Q. One of the key questions for homeowners, buyers and sellers at present is what will happen to house prices as a result of the coronavirus lockdown?
Richard Donnell: The short answer is that it's too early to tell. The housing market has effectively gone into suspended animation and there is little if any new pricing information available.
Much will become clearer once we can assess the economic impact of the lockdown.
Q. What effect is the coronavirus pandemic currently having on the housing market?
RD: What we can see is that COVID-19 is affecting activity in the housing market - the number of homes being bought and sold.
Our own data shows buyer demand, or demand from sales 'applicants', has dropped 70% since March 7th, the date when concerns over the virus really started to impact consumer activity. But we expect demand to pick up again once physical restrictions are eased.
Q. Do past trends give any indication of what might happen to house prices?
RD: What history tells us is that house prices tend to fall when the economy shrinks as a result of falling output. This has a knock-on impact for unemployment or higher borrowing costs - all things that can result in more people forced to sell.
Thus, the scale of the impact on house prices depends upon the scale of the economic impact from coronavirus.
Our chart below shows annual house price growth since 1970 with periods of economic recession highlighted. House price growth has had some crazy highs and rather fewer lows in the last 50 years. It is a rather positive history and shows price growth in 'nominal terms' - years with high underlying levels of consumer price inflation can support the headline numbers for price growth.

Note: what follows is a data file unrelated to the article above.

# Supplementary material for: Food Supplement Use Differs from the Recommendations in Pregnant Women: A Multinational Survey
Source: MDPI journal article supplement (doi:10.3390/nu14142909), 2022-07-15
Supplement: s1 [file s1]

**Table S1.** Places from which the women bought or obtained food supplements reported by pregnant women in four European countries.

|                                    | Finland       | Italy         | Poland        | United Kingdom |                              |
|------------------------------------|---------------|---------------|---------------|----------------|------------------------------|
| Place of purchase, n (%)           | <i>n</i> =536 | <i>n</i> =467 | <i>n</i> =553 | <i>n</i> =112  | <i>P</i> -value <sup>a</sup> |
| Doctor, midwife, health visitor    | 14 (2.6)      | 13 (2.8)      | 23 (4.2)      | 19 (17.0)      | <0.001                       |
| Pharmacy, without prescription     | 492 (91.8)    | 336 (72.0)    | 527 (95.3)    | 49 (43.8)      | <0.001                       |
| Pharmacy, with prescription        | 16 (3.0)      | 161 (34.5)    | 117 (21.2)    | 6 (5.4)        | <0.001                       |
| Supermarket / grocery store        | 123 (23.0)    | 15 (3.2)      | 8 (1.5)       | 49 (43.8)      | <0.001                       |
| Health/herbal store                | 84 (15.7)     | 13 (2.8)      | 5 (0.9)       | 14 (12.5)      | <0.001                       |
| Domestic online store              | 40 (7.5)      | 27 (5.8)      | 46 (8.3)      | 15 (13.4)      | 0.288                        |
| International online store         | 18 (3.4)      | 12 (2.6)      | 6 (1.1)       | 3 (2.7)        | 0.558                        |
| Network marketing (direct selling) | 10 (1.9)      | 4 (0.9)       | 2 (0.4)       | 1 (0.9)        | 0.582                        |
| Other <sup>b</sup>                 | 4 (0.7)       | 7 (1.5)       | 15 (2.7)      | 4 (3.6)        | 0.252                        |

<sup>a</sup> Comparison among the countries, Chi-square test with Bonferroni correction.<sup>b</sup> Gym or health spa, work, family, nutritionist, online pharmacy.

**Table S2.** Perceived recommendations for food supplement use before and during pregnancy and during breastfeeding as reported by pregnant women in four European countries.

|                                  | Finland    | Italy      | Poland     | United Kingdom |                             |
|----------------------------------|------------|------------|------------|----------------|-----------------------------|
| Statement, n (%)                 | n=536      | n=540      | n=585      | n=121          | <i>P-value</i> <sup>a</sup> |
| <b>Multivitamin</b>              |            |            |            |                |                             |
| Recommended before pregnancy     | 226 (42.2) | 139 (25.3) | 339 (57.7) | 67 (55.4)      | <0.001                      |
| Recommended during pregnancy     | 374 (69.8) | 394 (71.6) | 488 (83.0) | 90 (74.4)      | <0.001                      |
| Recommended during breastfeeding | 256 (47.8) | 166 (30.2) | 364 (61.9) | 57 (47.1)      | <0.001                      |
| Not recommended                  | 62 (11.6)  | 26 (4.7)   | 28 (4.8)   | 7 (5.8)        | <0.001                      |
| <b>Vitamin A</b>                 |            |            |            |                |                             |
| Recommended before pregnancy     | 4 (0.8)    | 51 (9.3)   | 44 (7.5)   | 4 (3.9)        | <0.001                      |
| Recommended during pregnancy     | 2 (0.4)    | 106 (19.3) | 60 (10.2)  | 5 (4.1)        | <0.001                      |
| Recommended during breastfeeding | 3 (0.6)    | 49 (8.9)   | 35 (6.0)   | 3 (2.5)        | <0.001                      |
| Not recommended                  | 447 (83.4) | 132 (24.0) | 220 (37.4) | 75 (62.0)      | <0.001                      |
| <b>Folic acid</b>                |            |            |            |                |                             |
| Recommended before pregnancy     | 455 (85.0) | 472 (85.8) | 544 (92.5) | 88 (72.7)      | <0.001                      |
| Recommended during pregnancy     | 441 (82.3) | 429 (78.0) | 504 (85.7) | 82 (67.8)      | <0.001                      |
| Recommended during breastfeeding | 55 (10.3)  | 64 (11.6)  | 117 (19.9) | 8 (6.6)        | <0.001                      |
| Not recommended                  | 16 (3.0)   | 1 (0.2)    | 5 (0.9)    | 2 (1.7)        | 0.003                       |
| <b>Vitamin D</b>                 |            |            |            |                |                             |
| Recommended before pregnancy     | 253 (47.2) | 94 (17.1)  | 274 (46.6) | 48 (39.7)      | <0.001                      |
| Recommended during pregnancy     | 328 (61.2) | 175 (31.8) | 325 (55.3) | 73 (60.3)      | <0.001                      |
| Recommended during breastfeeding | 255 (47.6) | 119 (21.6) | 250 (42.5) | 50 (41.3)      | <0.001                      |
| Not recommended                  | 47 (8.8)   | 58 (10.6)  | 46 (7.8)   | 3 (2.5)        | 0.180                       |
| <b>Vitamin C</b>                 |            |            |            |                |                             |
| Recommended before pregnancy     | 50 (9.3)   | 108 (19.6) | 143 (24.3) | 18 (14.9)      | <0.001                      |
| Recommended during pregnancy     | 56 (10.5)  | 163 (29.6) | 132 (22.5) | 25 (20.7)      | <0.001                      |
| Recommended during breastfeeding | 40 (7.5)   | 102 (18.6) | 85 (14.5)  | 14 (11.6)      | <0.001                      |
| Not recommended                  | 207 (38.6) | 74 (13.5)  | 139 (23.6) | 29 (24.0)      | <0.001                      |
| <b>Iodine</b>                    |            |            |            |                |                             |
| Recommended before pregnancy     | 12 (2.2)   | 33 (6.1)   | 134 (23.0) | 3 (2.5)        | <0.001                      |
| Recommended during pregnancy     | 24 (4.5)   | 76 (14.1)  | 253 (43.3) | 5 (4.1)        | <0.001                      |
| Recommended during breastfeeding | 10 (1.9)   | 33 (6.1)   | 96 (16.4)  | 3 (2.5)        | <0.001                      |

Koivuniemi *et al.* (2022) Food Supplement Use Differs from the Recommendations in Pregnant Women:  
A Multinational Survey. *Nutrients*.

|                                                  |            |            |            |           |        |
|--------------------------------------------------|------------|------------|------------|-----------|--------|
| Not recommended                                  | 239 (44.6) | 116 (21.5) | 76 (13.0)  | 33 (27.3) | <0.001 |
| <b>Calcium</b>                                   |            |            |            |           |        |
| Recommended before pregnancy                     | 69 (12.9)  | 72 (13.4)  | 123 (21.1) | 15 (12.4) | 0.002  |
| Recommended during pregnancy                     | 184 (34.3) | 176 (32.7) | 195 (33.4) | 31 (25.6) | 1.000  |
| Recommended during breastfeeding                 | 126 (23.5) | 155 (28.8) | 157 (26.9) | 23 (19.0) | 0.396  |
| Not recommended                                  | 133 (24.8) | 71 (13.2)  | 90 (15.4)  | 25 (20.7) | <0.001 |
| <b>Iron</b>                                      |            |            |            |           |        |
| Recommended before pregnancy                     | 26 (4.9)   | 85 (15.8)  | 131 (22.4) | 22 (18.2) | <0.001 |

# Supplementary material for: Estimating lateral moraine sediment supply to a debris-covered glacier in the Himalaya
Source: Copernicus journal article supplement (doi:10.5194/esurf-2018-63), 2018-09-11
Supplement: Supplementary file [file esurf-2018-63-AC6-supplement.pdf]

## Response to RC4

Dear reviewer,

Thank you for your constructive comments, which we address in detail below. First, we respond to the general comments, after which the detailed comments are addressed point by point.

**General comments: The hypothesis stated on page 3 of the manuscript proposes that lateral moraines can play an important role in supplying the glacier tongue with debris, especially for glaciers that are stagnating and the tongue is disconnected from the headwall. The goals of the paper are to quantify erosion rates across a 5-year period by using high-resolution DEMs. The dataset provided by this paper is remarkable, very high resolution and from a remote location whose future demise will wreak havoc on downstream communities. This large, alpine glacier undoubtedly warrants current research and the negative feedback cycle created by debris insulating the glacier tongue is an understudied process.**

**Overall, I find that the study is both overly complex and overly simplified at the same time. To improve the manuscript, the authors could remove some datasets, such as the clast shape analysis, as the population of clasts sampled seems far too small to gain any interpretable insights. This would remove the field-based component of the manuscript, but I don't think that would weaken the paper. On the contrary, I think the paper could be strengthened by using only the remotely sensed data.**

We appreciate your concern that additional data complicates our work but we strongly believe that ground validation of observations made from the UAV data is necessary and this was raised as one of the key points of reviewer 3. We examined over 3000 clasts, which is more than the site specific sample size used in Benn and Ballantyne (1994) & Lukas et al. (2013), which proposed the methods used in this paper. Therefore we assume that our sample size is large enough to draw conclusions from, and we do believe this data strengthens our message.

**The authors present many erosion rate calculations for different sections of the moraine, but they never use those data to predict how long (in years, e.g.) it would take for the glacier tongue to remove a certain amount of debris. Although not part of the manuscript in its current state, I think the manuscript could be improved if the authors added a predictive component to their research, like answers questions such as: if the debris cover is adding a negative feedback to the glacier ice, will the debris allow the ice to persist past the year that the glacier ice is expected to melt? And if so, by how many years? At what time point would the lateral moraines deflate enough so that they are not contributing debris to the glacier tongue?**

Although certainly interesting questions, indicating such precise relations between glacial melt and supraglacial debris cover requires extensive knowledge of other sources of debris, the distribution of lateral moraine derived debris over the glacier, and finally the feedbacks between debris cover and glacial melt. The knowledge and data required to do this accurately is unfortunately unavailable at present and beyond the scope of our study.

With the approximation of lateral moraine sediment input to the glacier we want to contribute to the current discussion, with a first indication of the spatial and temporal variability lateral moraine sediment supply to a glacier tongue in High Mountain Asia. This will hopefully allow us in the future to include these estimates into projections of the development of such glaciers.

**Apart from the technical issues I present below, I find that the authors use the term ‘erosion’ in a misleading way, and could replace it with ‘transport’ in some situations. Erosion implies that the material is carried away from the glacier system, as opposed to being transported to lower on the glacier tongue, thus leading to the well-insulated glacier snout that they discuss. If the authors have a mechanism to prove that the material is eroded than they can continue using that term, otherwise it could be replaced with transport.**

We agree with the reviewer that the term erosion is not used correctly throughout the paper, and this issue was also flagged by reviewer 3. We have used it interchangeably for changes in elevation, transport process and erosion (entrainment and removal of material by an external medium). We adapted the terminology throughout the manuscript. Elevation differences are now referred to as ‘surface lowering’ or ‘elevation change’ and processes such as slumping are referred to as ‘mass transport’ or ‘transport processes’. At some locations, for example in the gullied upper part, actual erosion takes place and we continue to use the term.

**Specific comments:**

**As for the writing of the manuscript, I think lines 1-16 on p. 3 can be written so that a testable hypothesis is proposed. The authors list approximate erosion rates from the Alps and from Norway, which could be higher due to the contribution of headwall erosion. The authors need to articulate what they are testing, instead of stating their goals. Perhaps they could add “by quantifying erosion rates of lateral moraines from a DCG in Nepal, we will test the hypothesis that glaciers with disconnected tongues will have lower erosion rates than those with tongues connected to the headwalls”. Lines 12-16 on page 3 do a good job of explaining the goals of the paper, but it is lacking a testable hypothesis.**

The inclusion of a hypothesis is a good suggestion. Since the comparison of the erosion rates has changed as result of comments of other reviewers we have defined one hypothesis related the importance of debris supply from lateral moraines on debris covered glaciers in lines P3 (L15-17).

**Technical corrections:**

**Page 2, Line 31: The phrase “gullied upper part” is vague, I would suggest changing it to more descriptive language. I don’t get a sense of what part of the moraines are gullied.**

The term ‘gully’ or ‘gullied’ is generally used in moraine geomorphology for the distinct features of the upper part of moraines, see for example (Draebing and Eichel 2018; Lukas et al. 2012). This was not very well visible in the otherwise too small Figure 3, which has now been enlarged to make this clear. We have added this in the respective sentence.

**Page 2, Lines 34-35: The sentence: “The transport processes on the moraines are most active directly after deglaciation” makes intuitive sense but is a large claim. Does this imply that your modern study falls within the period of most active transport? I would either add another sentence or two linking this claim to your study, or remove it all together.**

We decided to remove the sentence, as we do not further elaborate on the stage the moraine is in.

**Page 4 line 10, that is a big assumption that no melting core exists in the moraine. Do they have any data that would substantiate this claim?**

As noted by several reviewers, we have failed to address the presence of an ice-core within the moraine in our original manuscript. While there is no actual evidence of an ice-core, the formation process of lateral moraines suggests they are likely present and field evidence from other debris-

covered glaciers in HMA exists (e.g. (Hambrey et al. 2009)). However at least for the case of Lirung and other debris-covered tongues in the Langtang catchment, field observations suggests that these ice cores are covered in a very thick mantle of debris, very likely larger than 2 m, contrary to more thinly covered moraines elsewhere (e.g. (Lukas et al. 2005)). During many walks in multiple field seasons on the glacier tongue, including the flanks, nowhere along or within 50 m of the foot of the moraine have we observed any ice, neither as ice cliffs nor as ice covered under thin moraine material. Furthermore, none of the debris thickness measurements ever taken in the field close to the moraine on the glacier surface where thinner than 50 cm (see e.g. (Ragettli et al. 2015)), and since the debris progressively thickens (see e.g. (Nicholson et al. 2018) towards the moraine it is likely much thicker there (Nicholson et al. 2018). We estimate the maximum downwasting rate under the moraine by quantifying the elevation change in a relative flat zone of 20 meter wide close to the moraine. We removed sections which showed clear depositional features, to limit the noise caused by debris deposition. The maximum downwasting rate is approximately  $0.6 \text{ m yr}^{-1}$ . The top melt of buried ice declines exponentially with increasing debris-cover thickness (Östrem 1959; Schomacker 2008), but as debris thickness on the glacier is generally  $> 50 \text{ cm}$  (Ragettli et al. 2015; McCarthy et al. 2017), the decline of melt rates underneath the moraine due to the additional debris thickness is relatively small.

But the economic dynamics are different now with much lower consumer price inflation, so lower rates of nominal house price growth compared to the long run.
What it does show is that periods of price falls tend to be relatively short and sharp, although when a full-blown recession his they can become years.
Q. So what about this time?
RD: Mortgage interest rates at their lowest level ever, mortgage payment holidays and government support for business means we are unlikely to see a big increase in forced sellers (who would have to accept lower prices) in the near term.
As such, we do not expect any big movement in house prices during the coronavirus lockdown. Beyond that, it depends on how long the market remains disrupted and any longer-lasting economic impact.
Q. What’s the current outlook for the housing market?
RD: This latest shock to the housing market is unprecedented. Only once the lockdown is lifted will we start to get any sense of the impact on pricing. Most important will be how quickly sales agreed start to rise and how the pricing of new property listed for sale compares to earlier in the year.
Our current expectation is that the government measures support business, and that pricing levels will largely pick up from where they left off at the start of March.
Levels of house price growth are already low by long run standards - 2% in 2019 - so any prolonged downward pressure on prices, even modest, could push annual growth into single digit negative territory.
But this may be more a function of far fewer sales price points and more price volatility than any short-term falls in demand.
Q. Can homeowners cope with the impact of falling house prices?
RD: One piece of positive news is that there is a huge amount of so-called 'housing equity' to absorb the impact of any house price falls.
While there is £1,100 billion of outstanding mortgages in the UK, the total value of all UK homes is more than five times higher, according to the Hometrack valuation model which powers our Zoopla home valuations.
This is a pretty large cushion to absorb any decline in prices.
Tougher mortgage regulations mean most people taking new mortgages in recent years have put in 15%+ deposits so the likelihood of negative equity is low even if prices falls were larger than expected.
Richard, many thanks.
We know you and the team will be keeping a close eye on the data as the situation evolves.